Make sure that you are engaged during these initial conversation. Put your phone away so they know you actually care about what they are saying.
Once you’ve established a conversational relationship, you can build a friendship off of things you have in common. Maybe you both discovered that you loved studying abroad in Italy, so try out a new Italian restaurant during your lunch break and commiserate over missing authentic pasta. Or try out the new cycling studio after work – no pressure to carry on a conversation + endorphins?
Extending invitations goes a long way, so next time you’re getting up from your desk to do something, ask your peers to come with you. Grabbing lunch or coffee with your coworkers is a great way to establish a friendship – because let’s face it, a girl’s gotta eat, so why not bring a few new friends along?
“The easiest way [to get to know your co-workers] is to ask someone to go get lunch with you,” says Kuperman. “Even if you’re just picking up food, you can get to know someone on the way there. Getting drinks or going to a workout class usually works, too!”
And inevitably, your fellow interns or colleagues will need caffeine to function too, so you may as well check out the indie coffee shop around the corner together.
Go outside your comfort zone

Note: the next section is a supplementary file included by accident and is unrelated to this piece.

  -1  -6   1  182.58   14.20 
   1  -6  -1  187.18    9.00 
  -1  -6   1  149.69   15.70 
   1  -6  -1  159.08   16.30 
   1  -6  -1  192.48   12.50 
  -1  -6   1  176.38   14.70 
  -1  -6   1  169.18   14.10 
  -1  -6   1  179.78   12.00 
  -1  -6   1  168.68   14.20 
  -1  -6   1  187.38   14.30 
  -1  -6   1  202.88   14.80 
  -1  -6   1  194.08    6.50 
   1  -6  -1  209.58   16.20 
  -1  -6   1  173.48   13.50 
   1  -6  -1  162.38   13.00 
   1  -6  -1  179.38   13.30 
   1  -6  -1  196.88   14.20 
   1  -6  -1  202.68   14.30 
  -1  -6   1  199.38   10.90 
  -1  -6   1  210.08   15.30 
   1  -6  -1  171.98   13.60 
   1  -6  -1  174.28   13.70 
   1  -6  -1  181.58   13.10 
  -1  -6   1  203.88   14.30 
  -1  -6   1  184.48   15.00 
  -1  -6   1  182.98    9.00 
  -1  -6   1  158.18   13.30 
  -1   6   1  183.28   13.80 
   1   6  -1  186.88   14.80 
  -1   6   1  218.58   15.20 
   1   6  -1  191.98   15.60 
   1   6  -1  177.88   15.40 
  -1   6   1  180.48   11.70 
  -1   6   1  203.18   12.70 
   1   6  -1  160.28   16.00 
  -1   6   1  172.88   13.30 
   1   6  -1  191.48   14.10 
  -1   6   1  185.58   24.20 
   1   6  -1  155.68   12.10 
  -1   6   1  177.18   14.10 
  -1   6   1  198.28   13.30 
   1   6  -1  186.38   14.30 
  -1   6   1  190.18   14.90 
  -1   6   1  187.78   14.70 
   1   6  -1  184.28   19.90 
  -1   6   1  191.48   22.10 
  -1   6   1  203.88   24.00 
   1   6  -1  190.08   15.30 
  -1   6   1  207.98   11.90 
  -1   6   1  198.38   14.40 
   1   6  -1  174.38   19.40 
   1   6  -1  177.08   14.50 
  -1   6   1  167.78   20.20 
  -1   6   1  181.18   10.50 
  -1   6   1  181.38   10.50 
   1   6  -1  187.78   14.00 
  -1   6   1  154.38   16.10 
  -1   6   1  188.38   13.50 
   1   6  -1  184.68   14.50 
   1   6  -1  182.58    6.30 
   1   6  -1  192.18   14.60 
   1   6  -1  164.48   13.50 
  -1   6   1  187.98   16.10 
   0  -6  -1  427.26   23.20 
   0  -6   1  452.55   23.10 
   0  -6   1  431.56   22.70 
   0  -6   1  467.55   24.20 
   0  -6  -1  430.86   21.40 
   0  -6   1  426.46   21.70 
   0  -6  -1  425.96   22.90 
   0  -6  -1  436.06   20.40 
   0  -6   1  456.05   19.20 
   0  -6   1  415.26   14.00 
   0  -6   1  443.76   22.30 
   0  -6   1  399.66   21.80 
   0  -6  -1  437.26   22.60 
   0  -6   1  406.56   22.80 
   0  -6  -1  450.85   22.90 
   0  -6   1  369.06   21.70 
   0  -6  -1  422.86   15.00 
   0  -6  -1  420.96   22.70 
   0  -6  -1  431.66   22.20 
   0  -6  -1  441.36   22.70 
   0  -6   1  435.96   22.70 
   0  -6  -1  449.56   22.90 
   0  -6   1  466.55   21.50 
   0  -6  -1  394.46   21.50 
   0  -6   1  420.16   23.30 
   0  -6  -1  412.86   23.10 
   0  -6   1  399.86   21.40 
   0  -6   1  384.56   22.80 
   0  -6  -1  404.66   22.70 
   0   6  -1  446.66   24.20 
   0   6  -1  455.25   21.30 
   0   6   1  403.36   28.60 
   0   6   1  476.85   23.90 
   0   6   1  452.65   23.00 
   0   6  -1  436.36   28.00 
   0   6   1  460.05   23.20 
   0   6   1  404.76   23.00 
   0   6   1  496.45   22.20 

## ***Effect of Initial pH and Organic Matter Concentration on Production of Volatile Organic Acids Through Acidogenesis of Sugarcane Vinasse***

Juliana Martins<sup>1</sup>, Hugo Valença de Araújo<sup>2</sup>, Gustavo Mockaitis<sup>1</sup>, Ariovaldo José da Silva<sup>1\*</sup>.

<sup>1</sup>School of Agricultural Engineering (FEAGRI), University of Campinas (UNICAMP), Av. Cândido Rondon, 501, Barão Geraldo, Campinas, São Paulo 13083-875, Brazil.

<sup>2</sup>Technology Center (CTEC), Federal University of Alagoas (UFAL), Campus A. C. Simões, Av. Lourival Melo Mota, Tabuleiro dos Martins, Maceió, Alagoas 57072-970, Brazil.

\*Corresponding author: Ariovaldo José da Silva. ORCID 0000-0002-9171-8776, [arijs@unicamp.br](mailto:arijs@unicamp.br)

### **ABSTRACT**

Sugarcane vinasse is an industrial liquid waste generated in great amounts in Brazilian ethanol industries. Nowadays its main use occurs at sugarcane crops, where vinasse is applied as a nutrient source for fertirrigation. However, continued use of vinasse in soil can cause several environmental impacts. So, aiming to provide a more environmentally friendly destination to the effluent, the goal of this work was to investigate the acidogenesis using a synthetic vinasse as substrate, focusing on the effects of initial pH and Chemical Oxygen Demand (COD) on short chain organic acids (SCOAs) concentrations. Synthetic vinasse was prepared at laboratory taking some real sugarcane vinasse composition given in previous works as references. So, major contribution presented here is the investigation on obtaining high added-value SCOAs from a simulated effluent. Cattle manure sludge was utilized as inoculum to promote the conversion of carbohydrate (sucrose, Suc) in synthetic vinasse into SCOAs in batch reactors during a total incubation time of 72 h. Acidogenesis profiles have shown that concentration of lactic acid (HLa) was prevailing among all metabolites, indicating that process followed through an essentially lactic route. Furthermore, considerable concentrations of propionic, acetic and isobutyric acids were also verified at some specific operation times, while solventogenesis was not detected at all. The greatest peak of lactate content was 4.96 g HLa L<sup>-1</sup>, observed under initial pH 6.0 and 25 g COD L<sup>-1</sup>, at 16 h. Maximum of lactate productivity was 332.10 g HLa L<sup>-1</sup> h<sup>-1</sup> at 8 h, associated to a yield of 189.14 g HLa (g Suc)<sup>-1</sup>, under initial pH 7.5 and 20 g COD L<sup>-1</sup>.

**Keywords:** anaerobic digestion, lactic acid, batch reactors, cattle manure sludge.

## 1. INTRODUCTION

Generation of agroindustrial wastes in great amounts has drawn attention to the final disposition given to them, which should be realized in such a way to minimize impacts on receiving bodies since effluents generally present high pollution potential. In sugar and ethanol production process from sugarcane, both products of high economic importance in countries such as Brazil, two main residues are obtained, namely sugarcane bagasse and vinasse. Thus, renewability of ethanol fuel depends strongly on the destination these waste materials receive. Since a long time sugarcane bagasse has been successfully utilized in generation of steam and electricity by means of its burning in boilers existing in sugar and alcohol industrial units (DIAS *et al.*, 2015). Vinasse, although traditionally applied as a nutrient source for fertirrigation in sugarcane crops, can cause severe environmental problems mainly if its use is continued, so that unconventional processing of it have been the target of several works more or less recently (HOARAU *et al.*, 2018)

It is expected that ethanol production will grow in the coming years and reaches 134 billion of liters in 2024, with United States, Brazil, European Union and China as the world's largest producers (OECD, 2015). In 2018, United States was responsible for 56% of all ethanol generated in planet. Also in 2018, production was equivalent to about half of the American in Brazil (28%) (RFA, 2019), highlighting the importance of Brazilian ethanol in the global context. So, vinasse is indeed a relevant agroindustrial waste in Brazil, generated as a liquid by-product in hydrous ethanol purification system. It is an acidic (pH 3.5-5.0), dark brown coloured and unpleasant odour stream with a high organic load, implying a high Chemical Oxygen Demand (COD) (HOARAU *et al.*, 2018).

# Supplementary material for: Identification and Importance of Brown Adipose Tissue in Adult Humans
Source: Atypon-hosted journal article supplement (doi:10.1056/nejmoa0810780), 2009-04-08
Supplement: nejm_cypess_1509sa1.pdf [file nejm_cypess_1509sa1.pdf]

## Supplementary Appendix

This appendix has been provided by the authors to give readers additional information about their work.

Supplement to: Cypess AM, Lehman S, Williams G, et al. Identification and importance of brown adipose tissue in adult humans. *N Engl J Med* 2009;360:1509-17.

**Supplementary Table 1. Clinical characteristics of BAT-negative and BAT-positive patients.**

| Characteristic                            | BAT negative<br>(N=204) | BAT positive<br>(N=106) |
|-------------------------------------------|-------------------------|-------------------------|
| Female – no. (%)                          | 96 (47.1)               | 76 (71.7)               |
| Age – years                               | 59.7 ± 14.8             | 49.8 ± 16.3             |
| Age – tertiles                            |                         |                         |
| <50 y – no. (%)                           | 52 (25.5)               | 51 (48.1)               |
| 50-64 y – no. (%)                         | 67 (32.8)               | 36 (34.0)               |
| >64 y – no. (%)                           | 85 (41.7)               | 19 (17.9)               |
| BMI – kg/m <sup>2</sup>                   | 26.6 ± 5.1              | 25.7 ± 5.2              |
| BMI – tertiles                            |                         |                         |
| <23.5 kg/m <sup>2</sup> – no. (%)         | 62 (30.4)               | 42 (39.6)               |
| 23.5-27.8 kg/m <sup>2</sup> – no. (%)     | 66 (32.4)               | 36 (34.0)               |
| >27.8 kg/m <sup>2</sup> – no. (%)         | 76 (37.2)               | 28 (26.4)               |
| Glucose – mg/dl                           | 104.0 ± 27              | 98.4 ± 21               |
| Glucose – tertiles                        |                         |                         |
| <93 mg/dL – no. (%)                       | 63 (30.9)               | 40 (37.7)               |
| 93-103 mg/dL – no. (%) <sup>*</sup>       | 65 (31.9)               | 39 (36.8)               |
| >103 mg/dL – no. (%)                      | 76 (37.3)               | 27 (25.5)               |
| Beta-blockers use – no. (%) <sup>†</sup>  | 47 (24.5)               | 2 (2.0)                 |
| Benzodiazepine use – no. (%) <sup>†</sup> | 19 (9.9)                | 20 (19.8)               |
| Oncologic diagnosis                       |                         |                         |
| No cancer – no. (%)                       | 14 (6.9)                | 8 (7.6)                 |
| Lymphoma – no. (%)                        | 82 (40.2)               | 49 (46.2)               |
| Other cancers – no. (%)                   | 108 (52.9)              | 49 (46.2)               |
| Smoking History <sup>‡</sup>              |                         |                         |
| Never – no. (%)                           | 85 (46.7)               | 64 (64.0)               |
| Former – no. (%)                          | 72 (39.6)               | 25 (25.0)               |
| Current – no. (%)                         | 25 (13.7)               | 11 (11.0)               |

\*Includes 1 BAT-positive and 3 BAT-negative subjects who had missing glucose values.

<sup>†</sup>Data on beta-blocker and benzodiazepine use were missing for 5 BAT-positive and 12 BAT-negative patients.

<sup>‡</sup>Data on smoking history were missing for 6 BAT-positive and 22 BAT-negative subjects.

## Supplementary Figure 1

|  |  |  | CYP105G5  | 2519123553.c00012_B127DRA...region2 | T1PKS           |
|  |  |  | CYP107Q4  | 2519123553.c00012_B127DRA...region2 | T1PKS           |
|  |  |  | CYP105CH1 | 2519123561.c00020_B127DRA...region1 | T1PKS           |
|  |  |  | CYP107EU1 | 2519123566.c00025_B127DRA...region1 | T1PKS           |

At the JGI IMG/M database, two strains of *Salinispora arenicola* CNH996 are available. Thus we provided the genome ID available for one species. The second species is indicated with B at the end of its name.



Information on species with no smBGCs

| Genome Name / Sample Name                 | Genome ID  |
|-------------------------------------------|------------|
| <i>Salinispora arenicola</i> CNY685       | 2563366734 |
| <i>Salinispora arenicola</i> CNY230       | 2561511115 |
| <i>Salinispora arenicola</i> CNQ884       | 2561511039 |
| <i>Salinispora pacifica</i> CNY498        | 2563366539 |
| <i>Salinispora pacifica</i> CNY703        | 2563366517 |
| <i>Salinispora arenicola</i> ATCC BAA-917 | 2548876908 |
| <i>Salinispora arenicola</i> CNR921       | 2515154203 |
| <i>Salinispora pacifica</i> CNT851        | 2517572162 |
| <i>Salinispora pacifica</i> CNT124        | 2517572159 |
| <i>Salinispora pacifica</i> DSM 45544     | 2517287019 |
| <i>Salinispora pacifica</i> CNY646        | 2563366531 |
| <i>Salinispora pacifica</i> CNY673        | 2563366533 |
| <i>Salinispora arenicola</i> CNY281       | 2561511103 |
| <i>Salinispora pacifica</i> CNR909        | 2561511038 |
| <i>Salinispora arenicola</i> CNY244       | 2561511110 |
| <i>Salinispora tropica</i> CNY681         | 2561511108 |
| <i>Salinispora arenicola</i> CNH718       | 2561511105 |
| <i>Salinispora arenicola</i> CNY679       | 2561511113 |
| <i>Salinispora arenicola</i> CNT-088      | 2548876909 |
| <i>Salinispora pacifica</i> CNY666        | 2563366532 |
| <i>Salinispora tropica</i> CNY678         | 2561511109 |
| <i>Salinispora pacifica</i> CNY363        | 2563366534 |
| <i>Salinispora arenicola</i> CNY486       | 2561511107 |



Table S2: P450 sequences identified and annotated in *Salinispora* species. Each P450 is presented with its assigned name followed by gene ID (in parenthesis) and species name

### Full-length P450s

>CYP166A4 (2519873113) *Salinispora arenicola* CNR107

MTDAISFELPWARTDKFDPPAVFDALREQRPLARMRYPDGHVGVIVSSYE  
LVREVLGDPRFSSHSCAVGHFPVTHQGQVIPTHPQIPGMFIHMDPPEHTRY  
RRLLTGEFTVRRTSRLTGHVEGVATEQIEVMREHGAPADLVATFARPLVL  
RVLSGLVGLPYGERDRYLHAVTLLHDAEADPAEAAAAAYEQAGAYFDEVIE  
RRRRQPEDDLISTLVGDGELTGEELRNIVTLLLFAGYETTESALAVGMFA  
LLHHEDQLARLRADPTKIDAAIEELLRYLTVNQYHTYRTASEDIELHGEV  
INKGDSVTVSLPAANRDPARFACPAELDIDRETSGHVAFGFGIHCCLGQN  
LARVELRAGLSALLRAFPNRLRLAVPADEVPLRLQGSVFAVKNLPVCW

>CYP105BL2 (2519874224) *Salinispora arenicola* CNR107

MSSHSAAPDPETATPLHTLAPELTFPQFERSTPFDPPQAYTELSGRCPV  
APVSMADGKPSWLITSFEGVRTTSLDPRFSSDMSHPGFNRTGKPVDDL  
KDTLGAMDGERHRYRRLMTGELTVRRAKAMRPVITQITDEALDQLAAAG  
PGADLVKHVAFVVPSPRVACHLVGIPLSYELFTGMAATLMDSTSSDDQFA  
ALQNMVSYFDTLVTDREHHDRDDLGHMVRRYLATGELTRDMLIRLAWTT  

Getting involved in the office equivalent of extracurriculars – whether it be a sports team, volunteering, or a “Finer Things Club” a la The Office – allows you to further facilitate friendships with your coworkers and more opportunities to network with your superiors.
If the gym isn’t your scene, you may not win any promotions scoring points at your company’s sports tournament, but it’s a great way to hang out with your coworkers outside of the office.
Many offices also have happy hours after work, which is another great way to hang out with your peers in a more casual setting (plus, a glass of wine or a beer never hurt after a long day of work). Just make sure you bear in mind it’s still a work-like function – now is not the time to try and top your Spring Break tequila shot record.
In the end, a little effort goes a long way when it comes to making friends with your coworkers, and the effort can pay off tremendously both personally and professionally.
“The most important part of internships is the people you meet,” says Lauren Weetman, a sophomore at the University of Notre Dame. “Most people know the importance of networking with current employees, but it is possibly even more important to keep in touch with fellow interns as you begin your career with them.”
Initiating conversations and extending invitations are easy ways to include people and get to know each other. Just make sure to keep it professional and appropriate.
“It’s important to remember that the workplace is a professional environment, before anything else,” says Alyssa Cremeans, an account executive at Baker Public Relations. “When first starting your job, try to sit back and observe the culture of the company. Always be one to offer help when needed, and respect your colleagues’ work.”
Having fun and engaging people around you can make or break your work experience, and you have a degree of control over the situation if you take initiative.